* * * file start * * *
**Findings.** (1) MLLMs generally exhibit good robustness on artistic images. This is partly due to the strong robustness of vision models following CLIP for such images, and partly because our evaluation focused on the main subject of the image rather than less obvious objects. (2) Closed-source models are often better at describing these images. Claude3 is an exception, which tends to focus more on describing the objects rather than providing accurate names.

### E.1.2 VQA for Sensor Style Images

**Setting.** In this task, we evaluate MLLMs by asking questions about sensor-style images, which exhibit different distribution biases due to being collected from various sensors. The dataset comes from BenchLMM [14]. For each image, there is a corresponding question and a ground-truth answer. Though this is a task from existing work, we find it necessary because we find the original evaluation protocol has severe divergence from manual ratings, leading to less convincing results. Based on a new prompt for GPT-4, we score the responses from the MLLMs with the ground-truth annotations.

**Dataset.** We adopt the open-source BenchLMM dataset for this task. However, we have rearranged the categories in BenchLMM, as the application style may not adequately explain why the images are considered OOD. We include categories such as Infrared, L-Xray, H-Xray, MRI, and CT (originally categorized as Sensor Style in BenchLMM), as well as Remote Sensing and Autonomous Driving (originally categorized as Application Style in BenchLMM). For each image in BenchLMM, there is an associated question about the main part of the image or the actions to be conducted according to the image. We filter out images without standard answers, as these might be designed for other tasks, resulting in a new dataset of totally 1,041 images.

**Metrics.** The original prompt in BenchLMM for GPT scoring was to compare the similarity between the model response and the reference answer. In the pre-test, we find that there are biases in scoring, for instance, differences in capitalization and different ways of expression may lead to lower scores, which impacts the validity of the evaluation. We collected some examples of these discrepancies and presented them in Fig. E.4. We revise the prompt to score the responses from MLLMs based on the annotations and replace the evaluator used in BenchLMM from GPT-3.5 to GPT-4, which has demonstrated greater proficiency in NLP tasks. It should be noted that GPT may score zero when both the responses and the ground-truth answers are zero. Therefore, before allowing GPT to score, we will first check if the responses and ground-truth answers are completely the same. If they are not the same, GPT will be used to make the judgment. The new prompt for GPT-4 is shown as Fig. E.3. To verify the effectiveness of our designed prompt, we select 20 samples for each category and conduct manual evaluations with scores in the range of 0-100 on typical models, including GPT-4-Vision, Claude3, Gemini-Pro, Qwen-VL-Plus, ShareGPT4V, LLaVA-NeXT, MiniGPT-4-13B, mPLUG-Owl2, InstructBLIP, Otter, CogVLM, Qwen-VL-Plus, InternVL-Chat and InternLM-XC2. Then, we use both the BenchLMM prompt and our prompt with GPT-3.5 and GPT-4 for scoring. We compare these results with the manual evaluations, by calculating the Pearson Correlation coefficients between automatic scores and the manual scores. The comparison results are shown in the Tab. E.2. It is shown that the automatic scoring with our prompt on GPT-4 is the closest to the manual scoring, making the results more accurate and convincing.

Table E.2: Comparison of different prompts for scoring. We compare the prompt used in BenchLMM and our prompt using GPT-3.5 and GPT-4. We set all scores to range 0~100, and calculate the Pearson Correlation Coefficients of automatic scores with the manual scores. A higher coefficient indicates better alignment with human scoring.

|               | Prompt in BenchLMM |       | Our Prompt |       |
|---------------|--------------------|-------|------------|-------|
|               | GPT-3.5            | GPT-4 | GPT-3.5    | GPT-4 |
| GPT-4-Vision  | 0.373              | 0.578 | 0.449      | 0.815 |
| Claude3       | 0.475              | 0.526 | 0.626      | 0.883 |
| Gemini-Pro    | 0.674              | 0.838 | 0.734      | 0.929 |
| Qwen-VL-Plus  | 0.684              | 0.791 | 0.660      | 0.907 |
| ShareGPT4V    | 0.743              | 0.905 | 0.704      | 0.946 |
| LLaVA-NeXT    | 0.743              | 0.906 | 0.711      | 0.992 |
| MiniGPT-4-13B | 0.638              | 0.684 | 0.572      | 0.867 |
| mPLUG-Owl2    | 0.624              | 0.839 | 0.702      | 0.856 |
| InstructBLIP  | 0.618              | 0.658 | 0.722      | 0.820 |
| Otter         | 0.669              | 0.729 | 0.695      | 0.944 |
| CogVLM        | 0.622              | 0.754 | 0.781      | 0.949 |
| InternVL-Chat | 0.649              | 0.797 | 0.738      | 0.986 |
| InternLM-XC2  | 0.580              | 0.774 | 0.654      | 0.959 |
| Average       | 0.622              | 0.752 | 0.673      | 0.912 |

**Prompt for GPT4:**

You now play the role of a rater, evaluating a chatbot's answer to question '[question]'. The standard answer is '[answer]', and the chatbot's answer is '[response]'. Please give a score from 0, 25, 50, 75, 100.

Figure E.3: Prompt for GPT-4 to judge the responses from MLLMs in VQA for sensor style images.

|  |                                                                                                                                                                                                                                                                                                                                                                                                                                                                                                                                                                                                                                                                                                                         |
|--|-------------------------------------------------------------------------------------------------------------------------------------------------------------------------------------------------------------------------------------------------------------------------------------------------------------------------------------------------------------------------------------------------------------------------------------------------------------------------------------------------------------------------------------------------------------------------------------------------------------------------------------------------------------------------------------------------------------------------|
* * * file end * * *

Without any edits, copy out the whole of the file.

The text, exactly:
**Findings.** (1) MLLMs generally exhibit good robustness on artistic images. This is partly due to the strong robustness of vision models following CLIP for such images, and partly because our evaluation focused on the main subject of the image rather than less obvious objects. (2) Closed-source models are often better at describing these images. Claude3 is an exception, which tends to focus more on describing the objects rather than providing accurate names.

### E.1.2 VQA for Sensor Style Images

**Setting.** In this task, we evaluate MLLMs by asking questions about sensor-style images, which exhibit different distribution biases due to being collected from various sensors. The dataset comes from BenchLMM [14]. For each image, there is a corresponding question and a ground-truth answer. Though this is a task from existing work, we find it necessary because we find the original evaluation protocol has severe divergence from manual ratings, leading to less convincing results. Based on a new prompt for GPT-4, we score the responses from the MLLMs with the ground-truth annotations.

**Dataset.** We adopt the open-source BenchLMM dataset for this task. However, we have rearranged the categories in BenchLMM, as the application style may not adequately explain why the images are considered OOD. We include categories such as Infrared, L-Xray, H-Xray, MRI, and CT (originally categorized as Sensor Style in BenchLMM), as well as Remote Sensing and Autonomous Driving (originally categorized as Application Style in BenchLMM). For each image in BenchLMM, there is an associated question about the main part of the image or the actions to be conducted according to the image. We filter out images without standard answers, as these might be designed for other tasks, resulting in a new dataset of totally 1,041 images.

**Metrics.** The original prompt in BenchLMM for GPT scoring was to compare the similarity between the model response and the reference answer. In the pre-test, we find that there are biases in scoring, for instance, differences in capitalization and different ways of expression may lead to lower scores, which impacts the validity of the evaluation. We collected some examples of these discrepancies and presented them in Fig. E.4. We revise the prompt to score the responses from MLLMs based on the annotations and replace the evaluator used in BenchLMM from GPT-3.5 to GPT-4, which has demonstrated greater proficiency in NLP tasks. It should be noted that GPT may score zero when both the responses and the ground-truth answers are zero. Therefore, before allowing GPT to score, we will first check if the responses and ground-truth answers are completely the same. If they are not the same, GPT will be used to make the judgment. The new prompt for GPT-4 is shown as Fig. E.3. To verify the effectiveness of our designed prompt, we select 20 samples for each category and conduct manual evaluations with scores in the range of 0-100 on typical models, including GPT-4-Vision, Claude3, Gemini-Pro, Qwen-VL-Plus, ShareGPT4V, LLaVA-NeXT, MiniGPT-4-13B, mPLUG-Owl2, InstructBLIP, Otter, CogVLM, Qwen-VL-Plus, InternVL-Chat and InternLM-XC2. Then, we use both the BenchLMM prompt and our prompt with GPT-3.5 and GPT-4 for scoring. We compare these results with the manual evaluations, by calculating the Pearson Correlation coefficients between automatic scores and the manual scores. The comparison results are shown in the Tab. E.2. It is shown that the automatic scoring with our prompt on GPT-4 is the closest to the manual scoring, making the results more accurate and convincing.

Table E.2: Comparison of different prompts for scoring. We compare the prompt used in BenchLMM and our prompt using GPT-3.5 and GPT-4. We set all scores to range 0~100, and calculate the Pearson Correlation Coefficients of automatic scores with the manual scores. A higher coefficient indicates better alignment with human scoring.

|               | Prompt in BenchLMM |       | Our Prompt |       |
|---------------|--------------------|-------|------------|-------|
|               | GPT-3.5            | GPT-4 | GPT-3.5    | GPT-4 |
| GPT-4-Vision  | 0.373              | 0.578 | 0.449      | 0.815 |
| Claude3       | 0.475              | 0.526 | 0.626      | 0.883 |
| Gemini-Pro    | 0.674              | 0.838 | 0.734      | 0.929 |
| Qwen-VL-Plus  | 0.684              | 0.791 | 0.660      | 0.907 |
| ShareGPT4V    | 0.743              | 0.905 | 0.704      | 0.946 |
| LLaVA-NeXT    | 0.743              | 0.906 | 0.711      | 0.992 |
| MiniGPT-4-13B | 0.638              | 0.684 | 0.572      | 0.867 |
| mPLUG-Owl2    | 0.624              | 0.839 | 0.702      | 0.856 |
| InstructBLIP  | 0.618              | 0.658 | 0.722      | 0.820 |
| Otter         | 0.669              | 0.729 | 0.695      | 0.944 |
| CogVLM        | 0.622              | 0.754 | 0.781      | 0.949 |
| InternVL-Chat | 0.649              | 0.797 | 0.738      | 0.986 |
| InternLM-XC2  | 0.580              | 0.774 | 0.654      | 0.959 |
| Average       | 0.622              | 0.752 | 0.673      | 0.912 |

**Prompt for GPT4:**

You now play the role of a rater, evaluating a chatbot's answer to question '[question]'. The standard answer is '[answer]', and the chatbot's answer is '[response]'. Please give a score from 0, 25, 50, 75, 100.

Figure E.3: Prompt for GPT-4 to judge the responses from MLLMs in VQA for sensor style images.

|  |                                                                                                                                                                                                                                                                                                                                                                                                                                                                                                                                                                                                                                                                                                                         |
|--|-------------------------------------------------------------------------------------------------------------------------------------------------------------------------------------------------------------------------------------------------------------------------------------------------------------------------------------------------------------------------------------------------------------------------------------------------------------------------------------------------------------------------------------------------------------------------------------------------------------------------------------------------------------------------------------------------------------------------|